· Highest buzz geographically: New Hampshire, D.C., Pennsylvania, Virginia, Ohio, Massachusetts, Utah, Michigan, Florida, Rhode Island
But Facebook’s U.S. Politics page doesn’t just provide numeric and qualitative data: On its Facebook Stories website, the company also published its own live, realtime updating “heat map,” tallying all those Facebook users who shared publicly on the website that they voted in the 2012 election (Facebook notes that it anonymized all user data first.)
The map visually illustrates votes in realtime across the country as blue dots of varying size, with larger “bursts” corresponding to areas where more people were voting:
Facebook additionally kept track of total votes by its U.S. users per hour. Check out the following graph as of 5:22 p.m. Eastern:
As of the time of this article’s publication, upwards of 4.8 million Facebook users said they had voted, with women outnumbering men almost exactly 2-to-1 (1.6 million men Facebook users to 3.2 million women Facebook users).
In the run-up to election day and for it, Facebook also partnered with CNN on two projects: The “I’m Voting” app, which asks users why they headed to the polls, and on the Election Insights tracker, which seeks to keep tabs on just how many Facebook users are talking about each of the major party White House candidates at any given time.
As for why Facebook has taken such an active role in the 2012 election, a Facebook spokesperson told TPM: “Facebook is committed to encouraging people who use our service to participate in the democratic process. As a result, we’re focused on ensuring that those who are eligible to vote know where they can cast their ballots and, if they wish, share the fact that they voted with their friends.”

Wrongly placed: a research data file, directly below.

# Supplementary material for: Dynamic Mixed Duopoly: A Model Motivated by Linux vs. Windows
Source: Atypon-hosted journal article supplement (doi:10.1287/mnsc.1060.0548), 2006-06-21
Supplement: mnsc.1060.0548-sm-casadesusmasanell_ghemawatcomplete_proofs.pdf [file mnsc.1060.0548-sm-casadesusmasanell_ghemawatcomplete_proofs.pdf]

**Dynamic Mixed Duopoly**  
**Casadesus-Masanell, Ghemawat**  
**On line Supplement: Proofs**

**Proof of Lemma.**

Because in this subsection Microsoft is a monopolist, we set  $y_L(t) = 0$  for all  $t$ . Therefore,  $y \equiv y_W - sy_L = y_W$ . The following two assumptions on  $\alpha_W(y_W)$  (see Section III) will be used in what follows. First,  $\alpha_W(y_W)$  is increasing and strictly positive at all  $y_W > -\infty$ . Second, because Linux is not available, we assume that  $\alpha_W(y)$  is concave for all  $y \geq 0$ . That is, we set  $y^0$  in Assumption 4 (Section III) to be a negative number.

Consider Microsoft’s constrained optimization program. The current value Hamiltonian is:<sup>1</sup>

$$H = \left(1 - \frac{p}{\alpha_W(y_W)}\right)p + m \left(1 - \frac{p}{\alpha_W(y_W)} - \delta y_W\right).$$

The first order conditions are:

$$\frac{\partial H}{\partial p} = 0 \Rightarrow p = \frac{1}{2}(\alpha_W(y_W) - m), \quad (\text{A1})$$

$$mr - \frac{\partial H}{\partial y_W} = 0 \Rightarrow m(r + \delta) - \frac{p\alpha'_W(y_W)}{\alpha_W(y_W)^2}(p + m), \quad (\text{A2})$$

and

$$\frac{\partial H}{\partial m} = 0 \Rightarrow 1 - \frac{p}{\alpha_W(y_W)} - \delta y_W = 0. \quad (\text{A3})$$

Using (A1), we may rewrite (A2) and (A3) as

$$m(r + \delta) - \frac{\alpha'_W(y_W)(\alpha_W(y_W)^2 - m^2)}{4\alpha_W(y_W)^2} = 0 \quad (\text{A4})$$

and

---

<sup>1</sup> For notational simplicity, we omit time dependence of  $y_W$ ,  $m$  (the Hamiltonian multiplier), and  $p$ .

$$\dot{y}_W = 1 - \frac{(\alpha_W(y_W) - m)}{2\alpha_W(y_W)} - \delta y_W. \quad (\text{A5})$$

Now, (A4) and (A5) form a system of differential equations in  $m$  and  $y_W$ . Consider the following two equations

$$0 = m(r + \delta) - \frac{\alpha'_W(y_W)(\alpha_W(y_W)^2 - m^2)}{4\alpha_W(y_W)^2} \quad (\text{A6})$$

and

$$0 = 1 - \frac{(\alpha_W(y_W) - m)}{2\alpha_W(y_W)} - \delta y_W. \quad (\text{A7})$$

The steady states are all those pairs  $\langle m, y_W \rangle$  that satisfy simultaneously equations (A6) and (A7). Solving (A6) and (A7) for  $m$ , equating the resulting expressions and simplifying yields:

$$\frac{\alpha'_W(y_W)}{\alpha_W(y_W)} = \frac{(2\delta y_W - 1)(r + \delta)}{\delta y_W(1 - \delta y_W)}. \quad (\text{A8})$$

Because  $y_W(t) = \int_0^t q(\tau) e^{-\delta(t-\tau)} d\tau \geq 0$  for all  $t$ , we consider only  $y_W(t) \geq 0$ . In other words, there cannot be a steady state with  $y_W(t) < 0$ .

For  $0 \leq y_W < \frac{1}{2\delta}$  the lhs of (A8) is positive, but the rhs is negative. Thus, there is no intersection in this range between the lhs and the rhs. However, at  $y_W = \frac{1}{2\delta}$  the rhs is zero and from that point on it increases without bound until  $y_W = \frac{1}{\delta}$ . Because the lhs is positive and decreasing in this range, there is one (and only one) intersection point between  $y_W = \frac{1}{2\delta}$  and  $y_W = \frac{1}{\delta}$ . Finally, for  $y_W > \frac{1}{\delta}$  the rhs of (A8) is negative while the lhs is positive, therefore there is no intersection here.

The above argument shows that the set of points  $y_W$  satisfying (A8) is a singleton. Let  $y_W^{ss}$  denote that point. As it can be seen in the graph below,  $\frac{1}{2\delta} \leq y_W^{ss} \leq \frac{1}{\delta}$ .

Political reporters were quick to label the 2012 election the “Twitter Election,” for the outsized role they expected the short-messaging social network to play, and they weren’t disappointed, with campaigns using it to rally supporters and advertise as reporters, political junkies and users of all occupations tweeted their hearts out during the debates.
But Twitter itself sought to offer election features above and beyond the chatter that users were already contributing. In early August, the website launched the Twitter Political Index, or “Twindex,” a collaboration with social analytics firm Topsy designed to measure on day-to-day basis Twitter’s overall “sentiment,” positive or negative, about President Obama and Republican presidential candidate Mitt Romney. The sentiment is represented as a numeric score that goes up or down day-to-day depending on whether more people tweeted positive or negative comments about either candidate.
In addition, since it was updated in late October, the Twindex has allowed interested users to see a history of the sentiment about the candidates going back to May, and separately, to see total mentions in tweets of particular political topics — energy and the environment, the economy, gay rights, etc — over the past 30 days.
In early November, Twitter launched another tool — the Political Engagement Map, which ranks what Twitter considers to be the most “engaging” tweets from both major party Presidential candidates — that is, the tweets from either candidate account that received the most retweets and favourites.
The Twitter Political Engagement map illustrates the volume of response each of these top tweets received in each of the 50 states. At the bottom of the map, users can also click to see “Noteworthy Reactions,” which measures how each tweet performed relative to a baseline of engagement for all other tweets in general. Users can filter both views by their own keywords, too.
Twitter also invited users to follow its Twitter #Election2012 topic page and Twitter Government account, @Gov, the latter of which it said it use to post frequent updates throughout the day and night.
From midnight Monday through 2 p.m. Eastern Tuesday, election day, Twitter said that it counted 6.4 million tweets about the election and an average of 13,000 tweets per minute about the U.S. election, with 3,000 tweets per minute specifically from users who said they voted.
“Taxes emerged as the top-tweeted issue in most swing states, except for Colorado, New Mexico and Nevada, where Foreign Policy was referenced in the majority of issue-related Tweets,” a Twitter spokesperson said in a statement.
Nationally, the issues of most importance to Twitter users appeared to be as follows: the economy (32%), foreign policy (17%), taxes (14%), energy & the environment (9%), and education (7%).